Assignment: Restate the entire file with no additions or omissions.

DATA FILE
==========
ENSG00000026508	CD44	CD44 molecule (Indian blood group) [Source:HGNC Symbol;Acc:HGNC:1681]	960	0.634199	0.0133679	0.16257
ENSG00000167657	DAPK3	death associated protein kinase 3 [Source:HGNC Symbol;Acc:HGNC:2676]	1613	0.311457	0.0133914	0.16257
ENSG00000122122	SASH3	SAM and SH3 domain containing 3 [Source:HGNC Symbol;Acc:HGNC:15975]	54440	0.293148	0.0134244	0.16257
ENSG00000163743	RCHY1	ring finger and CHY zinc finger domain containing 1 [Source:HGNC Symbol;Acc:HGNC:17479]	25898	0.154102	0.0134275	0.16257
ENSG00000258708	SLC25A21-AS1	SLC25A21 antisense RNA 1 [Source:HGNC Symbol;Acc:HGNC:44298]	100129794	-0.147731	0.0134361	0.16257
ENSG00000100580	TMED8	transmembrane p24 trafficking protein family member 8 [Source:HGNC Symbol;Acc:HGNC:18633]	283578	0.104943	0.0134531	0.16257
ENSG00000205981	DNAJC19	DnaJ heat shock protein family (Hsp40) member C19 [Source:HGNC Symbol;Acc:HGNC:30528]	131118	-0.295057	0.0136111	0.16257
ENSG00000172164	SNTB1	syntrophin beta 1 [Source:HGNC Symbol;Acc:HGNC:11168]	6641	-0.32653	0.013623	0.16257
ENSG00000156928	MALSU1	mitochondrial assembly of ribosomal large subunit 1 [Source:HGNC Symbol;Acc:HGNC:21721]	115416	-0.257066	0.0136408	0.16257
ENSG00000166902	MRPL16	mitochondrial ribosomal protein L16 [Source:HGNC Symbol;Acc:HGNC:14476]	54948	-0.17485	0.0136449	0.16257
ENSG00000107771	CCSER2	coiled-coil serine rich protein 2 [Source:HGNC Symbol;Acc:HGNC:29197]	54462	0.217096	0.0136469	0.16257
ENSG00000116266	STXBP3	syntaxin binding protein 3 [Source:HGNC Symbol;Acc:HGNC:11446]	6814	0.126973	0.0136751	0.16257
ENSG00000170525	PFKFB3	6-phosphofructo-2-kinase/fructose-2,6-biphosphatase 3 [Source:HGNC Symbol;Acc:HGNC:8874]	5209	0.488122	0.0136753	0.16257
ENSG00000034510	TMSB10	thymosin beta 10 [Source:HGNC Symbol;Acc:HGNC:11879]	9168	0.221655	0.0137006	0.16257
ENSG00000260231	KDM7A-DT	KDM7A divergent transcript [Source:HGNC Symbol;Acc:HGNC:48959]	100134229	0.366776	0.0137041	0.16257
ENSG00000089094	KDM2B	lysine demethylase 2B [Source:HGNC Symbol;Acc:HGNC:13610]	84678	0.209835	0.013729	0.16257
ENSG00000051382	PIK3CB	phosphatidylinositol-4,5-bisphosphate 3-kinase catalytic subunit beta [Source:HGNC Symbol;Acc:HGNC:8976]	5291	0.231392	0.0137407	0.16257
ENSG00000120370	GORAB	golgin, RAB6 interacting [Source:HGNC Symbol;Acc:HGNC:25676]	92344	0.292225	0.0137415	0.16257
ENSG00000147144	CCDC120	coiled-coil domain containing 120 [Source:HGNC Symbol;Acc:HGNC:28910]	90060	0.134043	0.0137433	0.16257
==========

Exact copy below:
ENSG00000026508	CD44	CD44 molecule (Indian blood group) [Source:HGNC Symbol;Acc:HGNC:1681]	960	0.634199	0.0133679	0.16257
ENSG00000167657	DAPK3	death associated protein kinase 3 [Source:HGNC Symbol;Acc:HGNC:2676]	1613	0.311457	0.0133914	0.16257
ENSG00000122122	SASH3	SAM and SH3 domain containing 3 [Source:HGNC Symbol;Acc:HGNC:15975]	54440	0.293148	0.0134244	0.16257
ENSG00000163743	RCHY1	ring finger and CHY zinc finger domain containing 1 [Source:HGNC Symbol;Acc:HGNC:17479]	25898	0.154102	0.0134275	0.16257
ENSG00000258708	SLC25A21-AS1	SLC25A21 antisense RNA 1 [Source:HGNC Symbol;Acc:HGNC:44298]	100129794	-0.147731	0.0134361	0.16257
ENSG00000100580	TMED8	transmembrane p24 trafficking protein family member 8 [Source:HGNC Symbol;Acc:HGNC:18633]	283578	0.104943	0.0134531	0.16257
ENSG00000205981	DNAJC19	DnaJ heat shock protein family (Hsp40) member C19 [Source:HGNC Symbol;Acc:HGNC:30528]	131118	-0.295057	0.0136111	0.16257
ENSG00000172164	SNTB1	syntrophin beta 1 [Source:HGNC Symbol;Acc:HGNC:11168]	6641	-0.32653	0.013623	0.16257
ENSG00000156928	MALSU1	mitochondrial assembly of ribosomal large subunit 1 [Source:HGNC Symbol;Acc:HGNC:21721]	115416	-0.257066	0.0136408	0.16257
ENSG00000166902	MRPL16	mitochondrial ribosomal protein L16 [Source:HGNC Symbol;Acc:HGNC:14476]	54948	-0.17485	0.0136449	0.16257
ENSG00000107771	CCSER2	coiled-coil serine rich protein 2 [Source:HGNC Symbol;Acc:HGNC:29197]	54462	0.217096	0.0136469	0.16257
ENSG00000116266	STXBP3	syntaxin binding protein 3 [Source:HGNC Symbol;Acc:HGNC:11446]	6814	0.126973	0.0136751	0.16257
ENSG00000170525	PFKFB3	6-phosphofructo-2-kinase/fructose-2,6-biphosphatase 3 [Source:HGNC Symbol;Acc:HGNC:8874]	5209	0.488122	0.0136753	0.16257
ENSG00000034510	TMSB10	thymosin beta 10 [Source:HGNC Symbol;Acc:HGNC:11879]	9168	0.221655	0.0137006	0.16257
ENSG00000260231	KDM7A-DT	KDM7A divergent transcript [Source:HGNC Symbol;Acc:HGNC:48959]	100134229	0.366776	0.0137041	0.16257
ENSG00000089094	KDM2B	lysine demethylase 2B [Source:HGNC Symbol;Acc:HGNC:13610]	84678	0.209835	0.013729	0.16257
ENSG00000051382	PIK3CB	phosphatidylinositol-4,5-bisphosphate 3-kinase catalytic subunit beta [Source:HGNC Symbol;Acc:HGNC:8976]	5291	0.231392	0.0137407	0.16257
ENSG00000120370	GORAB	golgin, RAB6 interacting [Source:HGNC Symbol;Acc:HGNC:25676]	92344	0.292225	0.0137415	0.16257
ENSG00000147144	CCDC120	coiled-coil domain containing 120 [Source:HGNC Symbol;Acc:HGNC:28910]	90060	0.134043	0.0137433	0.16257